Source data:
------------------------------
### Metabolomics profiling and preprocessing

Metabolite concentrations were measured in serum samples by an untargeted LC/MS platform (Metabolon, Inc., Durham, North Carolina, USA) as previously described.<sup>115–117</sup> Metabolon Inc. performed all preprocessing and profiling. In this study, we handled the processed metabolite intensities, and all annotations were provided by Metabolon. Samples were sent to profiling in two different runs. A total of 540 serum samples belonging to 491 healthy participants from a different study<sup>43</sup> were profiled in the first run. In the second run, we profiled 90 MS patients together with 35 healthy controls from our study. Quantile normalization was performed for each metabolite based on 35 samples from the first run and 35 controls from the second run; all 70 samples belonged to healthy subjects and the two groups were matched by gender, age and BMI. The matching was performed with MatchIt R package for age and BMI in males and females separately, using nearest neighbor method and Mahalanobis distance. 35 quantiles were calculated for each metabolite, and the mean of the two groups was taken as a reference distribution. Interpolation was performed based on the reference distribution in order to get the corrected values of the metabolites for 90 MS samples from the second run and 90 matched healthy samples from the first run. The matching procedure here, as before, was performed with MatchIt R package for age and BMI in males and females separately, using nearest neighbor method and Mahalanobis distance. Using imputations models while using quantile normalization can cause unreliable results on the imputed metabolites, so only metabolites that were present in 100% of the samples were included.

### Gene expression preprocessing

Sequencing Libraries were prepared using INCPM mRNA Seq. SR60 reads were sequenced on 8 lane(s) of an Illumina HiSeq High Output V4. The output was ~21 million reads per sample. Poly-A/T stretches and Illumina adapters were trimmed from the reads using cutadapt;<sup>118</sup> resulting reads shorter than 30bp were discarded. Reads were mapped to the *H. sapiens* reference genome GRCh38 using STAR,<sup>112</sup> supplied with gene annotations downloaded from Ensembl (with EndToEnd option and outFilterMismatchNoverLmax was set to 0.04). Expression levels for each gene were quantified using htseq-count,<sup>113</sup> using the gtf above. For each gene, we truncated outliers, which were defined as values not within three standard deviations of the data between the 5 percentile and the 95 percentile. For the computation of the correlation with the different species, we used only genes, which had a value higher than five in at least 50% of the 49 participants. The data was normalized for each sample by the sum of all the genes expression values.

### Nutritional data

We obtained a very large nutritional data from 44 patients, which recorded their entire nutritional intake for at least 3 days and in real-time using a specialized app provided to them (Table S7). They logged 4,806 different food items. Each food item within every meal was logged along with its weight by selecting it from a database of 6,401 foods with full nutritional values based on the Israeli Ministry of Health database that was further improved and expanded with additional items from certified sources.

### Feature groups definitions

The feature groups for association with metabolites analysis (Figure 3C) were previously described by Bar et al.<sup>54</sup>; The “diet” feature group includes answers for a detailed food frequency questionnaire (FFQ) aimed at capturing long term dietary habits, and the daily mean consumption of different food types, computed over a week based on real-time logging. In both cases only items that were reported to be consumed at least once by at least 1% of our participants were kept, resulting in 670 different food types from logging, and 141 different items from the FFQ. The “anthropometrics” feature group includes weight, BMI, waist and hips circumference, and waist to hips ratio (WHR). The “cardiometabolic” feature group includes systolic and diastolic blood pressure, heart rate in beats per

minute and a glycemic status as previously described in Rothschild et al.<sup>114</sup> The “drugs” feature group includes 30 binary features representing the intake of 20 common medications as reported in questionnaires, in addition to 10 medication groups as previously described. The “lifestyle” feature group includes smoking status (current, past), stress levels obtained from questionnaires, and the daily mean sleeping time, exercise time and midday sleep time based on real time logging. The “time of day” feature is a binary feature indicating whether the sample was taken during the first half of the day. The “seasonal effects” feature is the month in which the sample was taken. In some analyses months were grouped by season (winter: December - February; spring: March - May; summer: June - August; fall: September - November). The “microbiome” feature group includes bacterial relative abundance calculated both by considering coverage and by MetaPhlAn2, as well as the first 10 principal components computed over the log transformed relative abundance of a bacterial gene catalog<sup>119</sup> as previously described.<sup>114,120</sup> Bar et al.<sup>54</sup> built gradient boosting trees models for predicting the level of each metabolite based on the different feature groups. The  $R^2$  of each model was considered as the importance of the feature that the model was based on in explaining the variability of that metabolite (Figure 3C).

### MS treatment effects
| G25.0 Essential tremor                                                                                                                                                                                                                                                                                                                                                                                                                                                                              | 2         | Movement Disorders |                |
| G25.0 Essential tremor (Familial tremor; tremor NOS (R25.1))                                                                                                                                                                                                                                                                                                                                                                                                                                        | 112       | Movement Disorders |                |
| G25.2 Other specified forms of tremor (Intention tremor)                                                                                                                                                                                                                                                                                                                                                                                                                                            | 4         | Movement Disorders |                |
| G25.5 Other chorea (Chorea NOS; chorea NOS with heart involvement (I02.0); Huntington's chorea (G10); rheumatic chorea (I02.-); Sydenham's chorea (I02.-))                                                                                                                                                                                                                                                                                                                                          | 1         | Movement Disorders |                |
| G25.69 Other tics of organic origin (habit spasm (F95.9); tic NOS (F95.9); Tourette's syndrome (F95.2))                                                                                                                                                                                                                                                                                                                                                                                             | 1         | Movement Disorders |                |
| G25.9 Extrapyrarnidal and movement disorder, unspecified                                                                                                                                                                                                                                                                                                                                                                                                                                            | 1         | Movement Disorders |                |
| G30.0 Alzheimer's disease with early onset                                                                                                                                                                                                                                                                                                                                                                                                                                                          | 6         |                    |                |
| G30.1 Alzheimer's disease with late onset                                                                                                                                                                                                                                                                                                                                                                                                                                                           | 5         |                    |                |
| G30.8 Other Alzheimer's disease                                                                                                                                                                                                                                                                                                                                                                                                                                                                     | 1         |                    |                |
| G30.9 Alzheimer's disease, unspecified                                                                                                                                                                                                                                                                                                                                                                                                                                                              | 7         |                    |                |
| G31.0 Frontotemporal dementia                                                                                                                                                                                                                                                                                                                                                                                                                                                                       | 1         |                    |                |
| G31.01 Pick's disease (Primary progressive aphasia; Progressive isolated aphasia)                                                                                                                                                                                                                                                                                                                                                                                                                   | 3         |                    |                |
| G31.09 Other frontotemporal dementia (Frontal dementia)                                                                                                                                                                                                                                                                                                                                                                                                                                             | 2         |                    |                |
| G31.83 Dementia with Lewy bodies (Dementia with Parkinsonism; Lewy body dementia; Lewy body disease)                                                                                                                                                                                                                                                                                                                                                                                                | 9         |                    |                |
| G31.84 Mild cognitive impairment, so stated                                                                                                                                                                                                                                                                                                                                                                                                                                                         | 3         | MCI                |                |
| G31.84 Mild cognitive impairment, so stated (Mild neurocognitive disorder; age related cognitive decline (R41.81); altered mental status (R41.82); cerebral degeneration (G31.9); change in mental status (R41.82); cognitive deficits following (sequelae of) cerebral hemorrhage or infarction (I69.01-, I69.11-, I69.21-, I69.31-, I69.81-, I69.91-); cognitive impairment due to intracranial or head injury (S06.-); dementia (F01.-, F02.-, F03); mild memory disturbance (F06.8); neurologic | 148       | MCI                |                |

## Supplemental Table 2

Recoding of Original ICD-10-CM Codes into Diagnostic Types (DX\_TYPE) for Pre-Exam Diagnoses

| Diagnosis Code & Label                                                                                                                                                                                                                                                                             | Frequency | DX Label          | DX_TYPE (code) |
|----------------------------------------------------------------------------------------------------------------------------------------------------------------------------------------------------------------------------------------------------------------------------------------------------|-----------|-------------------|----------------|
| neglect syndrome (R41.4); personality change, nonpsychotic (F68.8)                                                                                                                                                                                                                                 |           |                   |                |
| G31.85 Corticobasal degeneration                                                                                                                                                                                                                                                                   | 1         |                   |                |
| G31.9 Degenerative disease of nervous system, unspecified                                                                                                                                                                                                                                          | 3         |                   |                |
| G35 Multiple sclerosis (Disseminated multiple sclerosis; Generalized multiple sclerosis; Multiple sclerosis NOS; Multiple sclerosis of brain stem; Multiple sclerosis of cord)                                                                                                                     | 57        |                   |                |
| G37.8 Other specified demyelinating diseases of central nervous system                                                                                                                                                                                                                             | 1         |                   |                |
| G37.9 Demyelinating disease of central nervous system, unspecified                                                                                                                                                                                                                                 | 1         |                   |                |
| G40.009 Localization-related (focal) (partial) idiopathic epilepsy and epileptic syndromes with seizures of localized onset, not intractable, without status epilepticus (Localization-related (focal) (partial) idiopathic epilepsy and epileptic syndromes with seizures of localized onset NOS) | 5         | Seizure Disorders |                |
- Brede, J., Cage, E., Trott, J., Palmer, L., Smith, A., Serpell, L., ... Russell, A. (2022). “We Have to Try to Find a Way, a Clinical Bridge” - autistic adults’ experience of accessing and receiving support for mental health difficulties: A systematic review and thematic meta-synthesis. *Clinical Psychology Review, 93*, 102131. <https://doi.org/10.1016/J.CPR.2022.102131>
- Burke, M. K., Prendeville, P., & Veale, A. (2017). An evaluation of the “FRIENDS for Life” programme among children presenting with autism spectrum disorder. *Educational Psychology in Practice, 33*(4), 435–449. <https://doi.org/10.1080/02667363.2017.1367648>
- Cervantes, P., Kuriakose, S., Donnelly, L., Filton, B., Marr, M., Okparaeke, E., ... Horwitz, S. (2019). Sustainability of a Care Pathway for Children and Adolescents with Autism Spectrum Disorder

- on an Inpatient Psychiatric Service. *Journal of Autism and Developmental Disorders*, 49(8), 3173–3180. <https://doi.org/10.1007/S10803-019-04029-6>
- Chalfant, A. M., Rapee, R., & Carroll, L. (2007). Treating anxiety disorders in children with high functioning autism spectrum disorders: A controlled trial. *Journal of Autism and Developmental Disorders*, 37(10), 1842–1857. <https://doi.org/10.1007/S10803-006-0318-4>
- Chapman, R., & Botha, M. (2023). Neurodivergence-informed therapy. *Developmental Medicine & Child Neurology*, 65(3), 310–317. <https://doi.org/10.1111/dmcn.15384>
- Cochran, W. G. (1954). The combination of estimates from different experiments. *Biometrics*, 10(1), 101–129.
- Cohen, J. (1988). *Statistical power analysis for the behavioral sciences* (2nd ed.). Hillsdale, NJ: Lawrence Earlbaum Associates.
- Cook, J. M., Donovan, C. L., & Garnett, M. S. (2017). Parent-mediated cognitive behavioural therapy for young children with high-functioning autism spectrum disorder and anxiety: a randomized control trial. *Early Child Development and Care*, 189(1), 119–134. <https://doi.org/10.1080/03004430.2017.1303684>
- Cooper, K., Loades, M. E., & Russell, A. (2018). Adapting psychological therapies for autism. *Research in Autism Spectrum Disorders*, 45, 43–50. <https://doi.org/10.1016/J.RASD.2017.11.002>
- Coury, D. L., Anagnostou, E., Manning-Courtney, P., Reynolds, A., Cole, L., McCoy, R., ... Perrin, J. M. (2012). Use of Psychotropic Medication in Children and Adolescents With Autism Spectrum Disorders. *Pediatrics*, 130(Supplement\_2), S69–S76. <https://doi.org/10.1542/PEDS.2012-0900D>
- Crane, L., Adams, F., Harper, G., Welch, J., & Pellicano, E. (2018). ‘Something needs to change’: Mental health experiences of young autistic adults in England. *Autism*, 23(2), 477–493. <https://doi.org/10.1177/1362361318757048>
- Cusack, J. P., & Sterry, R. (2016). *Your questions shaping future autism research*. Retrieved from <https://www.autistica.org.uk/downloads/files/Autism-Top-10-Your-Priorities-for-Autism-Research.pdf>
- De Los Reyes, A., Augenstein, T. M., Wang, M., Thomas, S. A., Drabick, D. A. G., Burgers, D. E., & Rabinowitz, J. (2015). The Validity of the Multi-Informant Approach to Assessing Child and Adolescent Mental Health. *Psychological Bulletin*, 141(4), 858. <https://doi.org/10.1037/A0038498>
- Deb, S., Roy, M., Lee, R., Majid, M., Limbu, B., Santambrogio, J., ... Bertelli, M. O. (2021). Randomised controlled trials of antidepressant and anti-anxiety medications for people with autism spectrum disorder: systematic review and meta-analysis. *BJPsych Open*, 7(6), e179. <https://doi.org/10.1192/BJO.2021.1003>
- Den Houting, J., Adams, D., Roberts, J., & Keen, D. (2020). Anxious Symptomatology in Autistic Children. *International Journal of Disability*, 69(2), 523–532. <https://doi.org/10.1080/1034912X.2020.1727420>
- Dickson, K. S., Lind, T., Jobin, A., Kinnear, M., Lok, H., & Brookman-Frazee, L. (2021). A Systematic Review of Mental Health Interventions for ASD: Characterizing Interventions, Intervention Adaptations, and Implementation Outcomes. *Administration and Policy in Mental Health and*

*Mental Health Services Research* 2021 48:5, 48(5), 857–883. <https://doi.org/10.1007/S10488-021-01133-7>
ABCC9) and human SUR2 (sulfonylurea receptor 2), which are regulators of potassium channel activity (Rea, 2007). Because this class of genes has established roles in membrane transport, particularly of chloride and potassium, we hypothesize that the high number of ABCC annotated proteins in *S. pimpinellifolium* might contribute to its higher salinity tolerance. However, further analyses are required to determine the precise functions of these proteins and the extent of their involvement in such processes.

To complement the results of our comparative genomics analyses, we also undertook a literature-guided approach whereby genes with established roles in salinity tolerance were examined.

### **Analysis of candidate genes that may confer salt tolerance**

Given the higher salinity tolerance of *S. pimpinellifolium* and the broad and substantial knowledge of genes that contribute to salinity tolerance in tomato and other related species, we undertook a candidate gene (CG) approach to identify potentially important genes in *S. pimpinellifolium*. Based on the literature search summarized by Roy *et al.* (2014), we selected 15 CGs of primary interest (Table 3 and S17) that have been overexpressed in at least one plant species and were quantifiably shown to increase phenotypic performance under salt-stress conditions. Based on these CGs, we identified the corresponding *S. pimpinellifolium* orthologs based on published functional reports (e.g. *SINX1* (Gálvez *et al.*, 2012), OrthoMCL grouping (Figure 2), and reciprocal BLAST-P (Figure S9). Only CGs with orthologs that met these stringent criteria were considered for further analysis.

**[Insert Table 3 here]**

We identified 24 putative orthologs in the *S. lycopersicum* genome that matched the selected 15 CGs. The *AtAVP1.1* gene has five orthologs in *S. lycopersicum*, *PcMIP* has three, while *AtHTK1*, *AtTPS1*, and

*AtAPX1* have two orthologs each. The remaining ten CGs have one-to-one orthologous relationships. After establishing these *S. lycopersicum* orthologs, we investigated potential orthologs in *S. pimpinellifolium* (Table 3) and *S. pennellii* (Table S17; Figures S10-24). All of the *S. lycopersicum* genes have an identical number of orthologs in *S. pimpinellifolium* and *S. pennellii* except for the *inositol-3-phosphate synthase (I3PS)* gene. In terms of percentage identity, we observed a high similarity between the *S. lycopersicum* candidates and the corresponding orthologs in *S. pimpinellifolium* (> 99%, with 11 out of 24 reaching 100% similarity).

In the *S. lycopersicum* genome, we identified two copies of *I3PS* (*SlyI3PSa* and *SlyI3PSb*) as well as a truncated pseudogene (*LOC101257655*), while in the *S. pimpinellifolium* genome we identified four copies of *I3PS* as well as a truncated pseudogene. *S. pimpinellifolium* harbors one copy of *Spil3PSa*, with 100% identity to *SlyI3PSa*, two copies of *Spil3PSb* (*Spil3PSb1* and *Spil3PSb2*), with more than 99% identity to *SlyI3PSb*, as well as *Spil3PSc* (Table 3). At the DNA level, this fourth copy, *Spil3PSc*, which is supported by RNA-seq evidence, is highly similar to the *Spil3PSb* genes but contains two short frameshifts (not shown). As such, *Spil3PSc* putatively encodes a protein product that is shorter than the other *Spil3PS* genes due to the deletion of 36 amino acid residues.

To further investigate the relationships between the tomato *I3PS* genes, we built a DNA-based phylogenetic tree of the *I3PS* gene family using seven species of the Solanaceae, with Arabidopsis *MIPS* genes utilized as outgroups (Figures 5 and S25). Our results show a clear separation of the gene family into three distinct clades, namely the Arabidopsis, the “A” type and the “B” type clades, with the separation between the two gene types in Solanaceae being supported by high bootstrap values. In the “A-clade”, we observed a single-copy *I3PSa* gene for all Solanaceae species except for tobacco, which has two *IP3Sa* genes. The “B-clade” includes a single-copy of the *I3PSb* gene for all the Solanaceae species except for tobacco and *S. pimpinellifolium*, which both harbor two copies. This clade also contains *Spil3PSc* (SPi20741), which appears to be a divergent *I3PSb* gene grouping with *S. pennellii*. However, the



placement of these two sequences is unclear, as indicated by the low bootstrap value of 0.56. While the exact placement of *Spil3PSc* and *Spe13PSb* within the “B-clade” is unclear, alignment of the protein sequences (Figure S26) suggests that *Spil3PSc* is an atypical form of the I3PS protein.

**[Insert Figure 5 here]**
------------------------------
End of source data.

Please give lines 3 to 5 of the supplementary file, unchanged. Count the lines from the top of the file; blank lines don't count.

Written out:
### Gene expression preprocessing

Sequencing Libraries were prepared using INCPM mRNA Seq. SR60 reads were sequenced on 8 lane(s) of an Illumina HiSeq High Output V4. The output was ~21 million reads per sample. Poly-A/T stretches and Illumina adapters were trimmed from the reads using cutadapt;<sup>118</sup> resulting reads shorter than 30bp were discarded. Reads were mapped to the *H. sapiens* reference genome GRCh38 using STAR,<sup>112</sup> supplied with gene annotations downloaded from Ensembl (with EndToEnd option and outFilterMismatchNoverLmax was set to 0.04). Expression levels for each gene were quantified using htseq-count,<sup>113</sup> using the gtf above. For each gene, we truncated outliers, which were defined as values not within three standard deviations of the data between the 5 percentile and the 95 percentile. For the computation of the correlation with the different species, we used only genes, which had a value higher than five in at least 50% of the 49 participants. The data was normalized for each sample by the sum of all the genes expression values.

### Nutritional data